Gemma Allen, Head of Digital Communications, OPEN Health takes 15 minutes to answer some key questions on digital in medical communications
1. How have digital elements in medical communications evolved over the last 5/10 years?
In 2009 Apple invited a rep from LifeScan, a Johnson & Johnson company on-stage to demonstrate how a Bluetooth-enabled blood glucose monitor synchs up to a diabetes management application running on the iPhone. This was the beginning of the biggest revolution in digital healthcare - the focus on the smartphone as a medical device, health tracker and patient support companion.
The launch of the iPad quickly followed in 2010 and created what is now “a ubiquitous tool” for field force teams to communicate medical information to HCPs. This has allowed the industry to communicate more complex information in a more engaging way.
Also, the role of the healthcare professional is changing with people being more informed about their health through the use of Search. Access to health information on the web as a consumer, patient or otherwise, has hugely changed the way the industry communicates medical information to healthcare professionals, patients and the general public.
2. What are the benefits of using digital in medical communications?
I think there are multiple benefits:
- Simplifying complex information - through data visualization and multi-layered digital tools we can communicate a more powerful story - you can delve into the details and contextually navigate in different directions based on the person you are talking to which is a huge benefit in medical communications
- It’s trackable - we can understand what people are looking at, how long they are looking at it, and when they are accessing it. This means we can iterate and improve on what we provide, based on those metrics.
- Personalisation – we can provide information that is more relevant by understanding who they are, which hospital they work in, which country they are in - that only improves efficiencies in terms of information exchange.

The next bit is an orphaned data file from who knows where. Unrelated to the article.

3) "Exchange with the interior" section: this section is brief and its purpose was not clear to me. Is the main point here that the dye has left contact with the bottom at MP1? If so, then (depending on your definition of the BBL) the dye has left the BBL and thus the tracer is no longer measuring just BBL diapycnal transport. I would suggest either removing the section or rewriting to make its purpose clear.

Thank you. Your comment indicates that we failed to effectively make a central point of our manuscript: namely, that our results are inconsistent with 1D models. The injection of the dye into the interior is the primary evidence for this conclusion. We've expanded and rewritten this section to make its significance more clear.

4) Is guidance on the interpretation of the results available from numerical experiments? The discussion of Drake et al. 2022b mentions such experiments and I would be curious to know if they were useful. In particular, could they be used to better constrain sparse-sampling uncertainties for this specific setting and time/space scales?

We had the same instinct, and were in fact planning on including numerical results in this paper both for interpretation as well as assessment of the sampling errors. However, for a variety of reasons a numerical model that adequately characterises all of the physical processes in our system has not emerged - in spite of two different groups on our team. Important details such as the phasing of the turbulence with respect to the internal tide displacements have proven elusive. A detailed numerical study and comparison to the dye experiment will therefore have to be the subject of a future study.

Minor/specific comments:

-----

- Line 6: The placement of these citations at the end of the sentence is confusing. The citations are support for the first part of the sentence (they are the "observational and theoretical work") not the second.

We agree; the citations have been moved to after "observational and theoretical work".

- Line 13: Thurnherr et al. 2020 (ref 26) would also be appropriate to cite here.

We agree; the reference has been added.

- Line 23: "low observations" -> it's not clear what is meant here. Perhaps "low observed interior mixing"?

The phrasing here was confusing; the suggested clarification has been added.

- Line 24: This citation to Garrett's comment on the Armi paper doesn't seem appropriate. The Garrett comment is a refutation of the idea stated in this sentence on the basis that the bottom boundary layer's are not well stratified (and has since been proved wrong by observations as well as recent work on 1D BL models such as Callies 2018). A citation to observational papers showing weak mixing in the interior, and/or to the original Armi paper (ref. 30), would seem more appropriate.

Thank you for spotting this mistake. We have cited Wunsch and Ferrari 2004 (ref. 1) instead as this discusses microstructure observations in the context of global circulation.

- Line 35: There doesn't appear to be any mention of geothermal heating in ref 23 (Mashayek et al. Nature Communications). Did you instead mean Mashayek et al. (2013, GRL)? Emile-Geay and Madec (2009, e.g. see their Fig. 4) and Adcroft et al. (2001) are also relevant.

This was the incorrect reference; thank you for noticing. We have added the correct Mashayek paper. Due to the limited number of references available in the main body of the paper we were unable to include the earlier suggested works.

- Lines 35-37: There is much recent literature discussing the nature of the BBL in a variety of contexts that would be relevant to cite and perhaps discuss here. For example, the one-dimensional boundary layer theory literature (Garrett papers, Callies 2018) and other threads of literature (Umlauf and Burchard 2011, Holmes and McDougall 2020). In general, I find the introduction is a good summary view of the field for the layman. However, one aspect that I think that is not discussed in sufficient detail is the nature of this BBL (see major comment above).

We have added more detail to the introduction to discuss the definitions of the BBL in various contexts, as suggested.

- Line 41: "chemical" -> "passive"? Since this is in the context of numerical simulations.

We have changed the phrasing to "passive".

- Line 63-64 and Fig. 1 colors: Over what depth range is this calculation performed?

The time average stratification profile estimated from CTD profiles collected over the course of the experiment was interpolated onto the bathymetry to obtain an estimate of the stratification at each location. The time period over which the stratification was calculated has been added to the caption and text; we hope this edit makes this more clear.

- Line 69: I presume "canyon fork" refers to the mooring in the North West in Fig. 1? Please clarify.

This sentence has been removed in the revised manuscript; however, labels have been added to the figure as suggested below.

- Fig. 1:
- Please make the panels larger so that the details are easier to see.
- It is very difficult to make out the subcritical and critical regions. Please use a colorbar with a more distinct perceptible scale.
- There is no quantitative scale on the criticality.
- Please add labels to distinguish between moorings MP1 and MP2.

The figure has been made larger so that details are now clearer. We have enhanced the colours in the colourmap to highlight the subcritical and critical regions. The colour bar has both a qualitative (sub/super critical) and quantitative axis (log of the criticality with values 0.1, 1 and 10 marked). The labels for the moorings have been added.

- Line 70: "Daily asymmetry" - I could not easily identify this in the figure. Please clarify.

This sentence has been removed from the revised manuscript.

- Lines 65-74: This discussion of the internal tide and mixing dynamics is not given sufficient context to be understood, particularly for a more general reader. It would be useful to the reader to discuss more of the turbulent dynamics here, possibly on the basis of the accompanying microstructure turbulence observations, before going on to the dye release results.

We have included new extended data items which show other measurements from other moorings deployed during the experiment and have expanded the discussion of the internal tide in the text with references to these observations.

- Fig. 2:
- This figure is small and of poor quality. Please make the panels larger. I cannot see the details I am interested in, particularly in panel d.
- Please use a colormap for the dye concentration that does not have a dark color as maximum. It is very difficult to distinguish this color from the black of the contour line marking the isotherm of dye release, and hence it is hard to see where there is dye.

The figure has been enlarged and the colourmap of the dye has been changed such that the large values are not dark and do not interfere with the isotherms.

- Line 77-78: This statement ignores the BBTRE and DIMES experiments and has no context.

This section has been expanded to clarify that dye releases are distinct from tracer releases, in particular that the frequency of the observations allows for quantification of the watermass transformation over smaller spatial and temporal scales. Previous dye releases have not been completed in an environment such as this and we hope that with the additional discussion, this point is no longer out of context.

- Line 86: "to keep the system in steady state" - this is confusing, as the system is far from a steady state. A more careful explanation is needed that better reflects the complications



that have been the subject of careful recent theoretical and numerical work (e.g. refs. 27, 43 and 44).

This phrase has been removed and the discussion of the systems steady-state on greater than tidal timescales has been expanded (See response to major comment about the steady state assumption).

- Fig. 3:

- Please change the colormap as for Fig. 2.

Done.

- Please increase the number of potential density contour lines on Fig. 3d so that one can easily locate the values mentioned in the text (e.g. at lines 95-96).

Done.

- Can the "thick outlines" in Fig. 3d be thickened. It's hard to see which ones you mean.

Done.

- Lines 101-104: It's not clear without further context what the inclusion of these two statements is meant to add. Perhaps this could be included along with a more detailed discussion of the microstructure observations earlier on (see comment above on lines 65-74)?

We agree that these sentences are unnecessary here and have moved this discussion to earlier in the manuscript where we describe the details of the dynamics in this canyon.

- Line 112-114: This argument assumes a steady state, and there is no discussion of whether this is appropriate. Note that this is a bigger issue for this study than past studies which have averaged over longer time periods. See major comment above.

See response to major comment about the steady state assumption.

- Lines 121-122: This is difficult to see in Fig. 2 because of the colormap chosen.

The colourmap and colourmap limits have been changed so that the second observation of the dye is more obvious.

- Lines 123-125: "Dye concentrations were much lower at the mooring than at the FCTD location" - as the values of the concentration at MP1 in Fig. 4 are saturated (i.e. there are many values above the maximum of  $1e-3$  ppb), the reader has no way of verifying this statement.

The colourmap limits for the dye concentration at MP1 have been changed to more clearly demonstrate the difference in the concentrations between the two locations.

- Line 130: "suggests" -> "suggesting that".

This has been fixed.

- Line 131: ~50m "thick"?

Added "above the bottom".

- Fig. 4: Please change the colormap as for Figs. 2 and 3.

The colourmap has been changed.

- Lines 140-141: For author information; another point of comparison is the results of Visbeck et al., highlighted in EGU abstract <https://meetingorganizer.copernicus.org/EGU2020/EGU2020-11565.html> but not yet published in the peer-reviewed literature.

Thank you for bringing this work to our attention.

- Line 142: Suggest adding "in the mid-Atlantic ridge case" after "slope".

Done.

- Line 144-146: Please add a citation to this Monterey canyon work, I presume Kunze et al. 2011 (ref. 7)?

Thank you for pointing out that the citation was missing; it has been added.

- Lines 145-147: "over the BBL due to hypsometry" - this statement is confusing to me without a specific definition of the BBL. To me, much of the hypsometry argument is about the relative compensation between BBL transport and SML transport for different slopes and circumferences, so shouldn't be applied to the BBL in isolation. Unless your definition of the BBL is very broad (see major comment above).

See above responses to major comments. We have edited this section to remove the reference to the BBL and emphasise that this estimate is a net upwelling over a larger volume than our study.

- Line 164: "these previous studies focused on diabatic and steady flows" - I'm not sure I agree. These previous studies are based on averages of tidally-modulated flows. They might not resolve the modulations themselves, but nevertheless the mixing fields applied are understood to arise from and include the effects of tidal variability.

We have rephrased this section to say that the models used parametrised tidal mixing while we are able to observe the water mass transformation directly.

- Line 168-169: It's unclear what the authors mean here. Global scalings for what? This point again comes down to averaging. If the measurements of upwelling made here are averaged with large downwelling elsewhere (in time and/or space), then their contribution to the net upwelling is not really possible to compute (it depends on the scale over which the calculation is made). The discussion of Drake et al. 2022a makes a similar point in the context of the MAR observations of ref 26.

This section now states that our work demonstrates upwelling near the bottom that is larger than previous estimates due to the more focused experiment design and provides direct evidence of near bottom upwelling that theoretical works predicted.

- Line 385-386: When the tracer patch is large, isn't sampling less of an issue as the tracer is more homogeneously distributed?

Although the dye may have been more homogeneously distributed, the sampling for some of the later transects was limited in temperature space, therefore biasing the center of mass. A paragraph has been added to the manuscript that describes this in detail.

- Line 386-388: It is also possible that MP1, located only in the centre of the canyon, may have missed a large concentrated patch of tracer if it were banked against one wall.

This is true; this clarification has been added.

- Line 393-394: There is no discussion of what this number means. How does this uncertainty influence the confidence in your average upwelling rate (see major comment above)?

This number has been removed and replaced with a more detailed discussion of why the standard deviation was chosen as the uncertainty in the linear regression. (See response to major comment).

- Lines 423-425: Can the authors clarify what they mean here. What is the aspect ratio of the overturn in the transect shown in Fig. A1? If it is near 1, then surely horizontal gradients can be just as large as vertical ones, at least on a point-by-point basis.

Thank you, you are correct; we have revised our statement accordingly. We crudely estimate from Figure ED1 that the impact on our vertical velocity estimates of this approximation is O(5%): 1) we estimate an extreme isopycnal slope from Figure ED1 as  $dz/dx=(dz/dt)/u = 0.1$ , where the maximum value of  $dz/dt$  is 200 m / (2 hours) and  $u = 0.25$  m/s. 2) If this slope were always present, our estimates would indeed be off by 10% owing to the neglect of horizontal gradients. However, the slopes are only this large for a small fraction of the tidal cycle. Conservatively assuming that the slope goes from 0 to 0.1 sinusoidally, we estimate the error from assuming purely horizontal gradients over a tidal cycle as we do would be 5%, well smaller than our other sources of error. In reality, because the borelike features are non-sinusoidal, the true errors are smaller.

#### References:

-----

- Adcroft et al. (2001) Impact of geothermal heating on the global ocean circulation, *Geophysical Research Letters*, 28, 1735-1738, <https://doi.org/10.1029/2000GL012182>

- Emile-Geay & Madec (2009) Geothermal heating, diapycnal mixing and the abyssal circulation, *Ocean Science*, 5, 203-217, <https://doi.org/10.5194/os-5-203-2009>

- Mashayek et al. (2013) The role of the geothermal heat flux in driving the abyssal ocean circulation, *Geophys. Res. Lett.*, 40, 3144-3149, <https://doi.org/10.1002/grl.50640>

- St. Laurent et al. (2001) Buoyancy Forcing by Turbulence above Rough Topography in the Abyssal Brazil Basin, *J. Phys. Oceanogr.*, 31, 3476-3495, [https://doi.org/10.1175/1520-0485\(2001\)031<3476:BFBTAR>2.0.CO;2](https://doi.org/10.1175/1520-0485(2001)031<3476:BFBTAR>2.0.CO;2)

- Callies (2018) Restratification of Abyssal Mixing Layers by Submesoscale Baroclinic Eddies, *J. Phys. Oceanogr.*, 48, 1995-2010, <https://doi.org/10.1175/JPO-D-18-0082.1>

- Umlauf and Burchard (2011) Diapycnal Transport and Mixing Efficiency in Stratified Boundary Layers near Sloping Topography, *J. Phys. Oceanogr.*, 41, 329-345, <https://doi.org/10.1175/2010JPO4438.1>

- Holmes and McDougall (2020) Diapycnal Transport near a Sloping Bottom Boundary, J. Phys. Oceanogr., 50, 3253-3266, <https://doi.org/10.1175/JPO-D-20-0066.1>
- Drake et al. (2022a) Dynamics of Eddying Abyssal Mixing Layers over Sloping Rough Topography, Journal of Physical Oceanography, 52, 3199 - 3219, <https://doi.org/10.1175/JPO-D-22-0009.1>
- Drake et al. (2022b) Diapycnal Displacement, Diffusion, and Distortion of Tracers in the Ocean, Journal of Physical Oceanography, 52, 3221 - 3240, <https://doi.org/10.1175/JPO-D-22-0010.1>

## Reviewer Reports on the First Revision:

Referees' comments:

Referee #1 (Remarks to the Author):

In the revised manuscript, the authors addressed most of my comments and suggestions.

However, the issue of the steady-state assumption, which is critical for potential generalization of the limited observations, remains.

- Globalisation – having access to information through the web and access to other people who are experts from around the world - particularly important in rare diseases.
- Increased reach - Digital projects also offer a unique opportunity to reach a much broader audience in a more targeted way and we help our clients cascade their medical education to a boarder audience.
3. What are the challenges around including digital elements in medical communications projects?
Compliance is an obvious one – it’s always been a challenge to get “sign off” for digital projects, and these processes need to continue to evolve as quickly as the digital technologies.
Often teams do not have access to the relevant expertise to make informed decisions on risk - this impacts projects and can cause errors. At OPEN Health we provide training and guidance to signatories on how to compliantly review digital projects in an efficient way.
4. What are some examples of exciting digital projects OPEN Health Medical Communications is working on?
There are so many! Rare disease is an exciting focus for OPEN Health at the moment - it has a real unmet need for patients who are affected with these conditions. There is a huge opportunity for digital projects to make a difference here and we are helping companies to use digital to reach rare disease patients and help educate HCPs on how these patients can be identified. We also build HCP communities to help them to share expertise on how to manage these unique conditions.
Artificial Intelligence (A.I.) is a big buzz word in the tech industry right now and we are using this technology to support HCPs in decreasing workload, making more informed diagnoses and analysing complex clinical data.
5. What is the future of digital in the medical communications space?
Personalisation is still just beginning to be fully capitalised on in pharma so we expect this to be a continuing trend. As technologies and teams get more sophisticated it creates a better experience for the user. You can send a communication to a HCP, ensuring it’s personalised for them by displayed relevant information about the hospital they are working in or the field of research they are focusing on, for example.
Virtual conferences are something OPEN Health is exploring. We can imagine an era where HCPs and experts spend more time engaging with each other and less time travelling on planes reducing air pollution and connecting on a virtual scenario.
Voice activated technologies are something we will see more of in the next year or so. It will be exciting to see how we will use Alexa or Google home assistant to improve patient experiences and support patients to take their medications. We expect these will support people to access health data and it will be important for us as an organisation to inform our clients and HCPs about how they can be involved in designing all of these, so they are medically accurate and valuable to patients.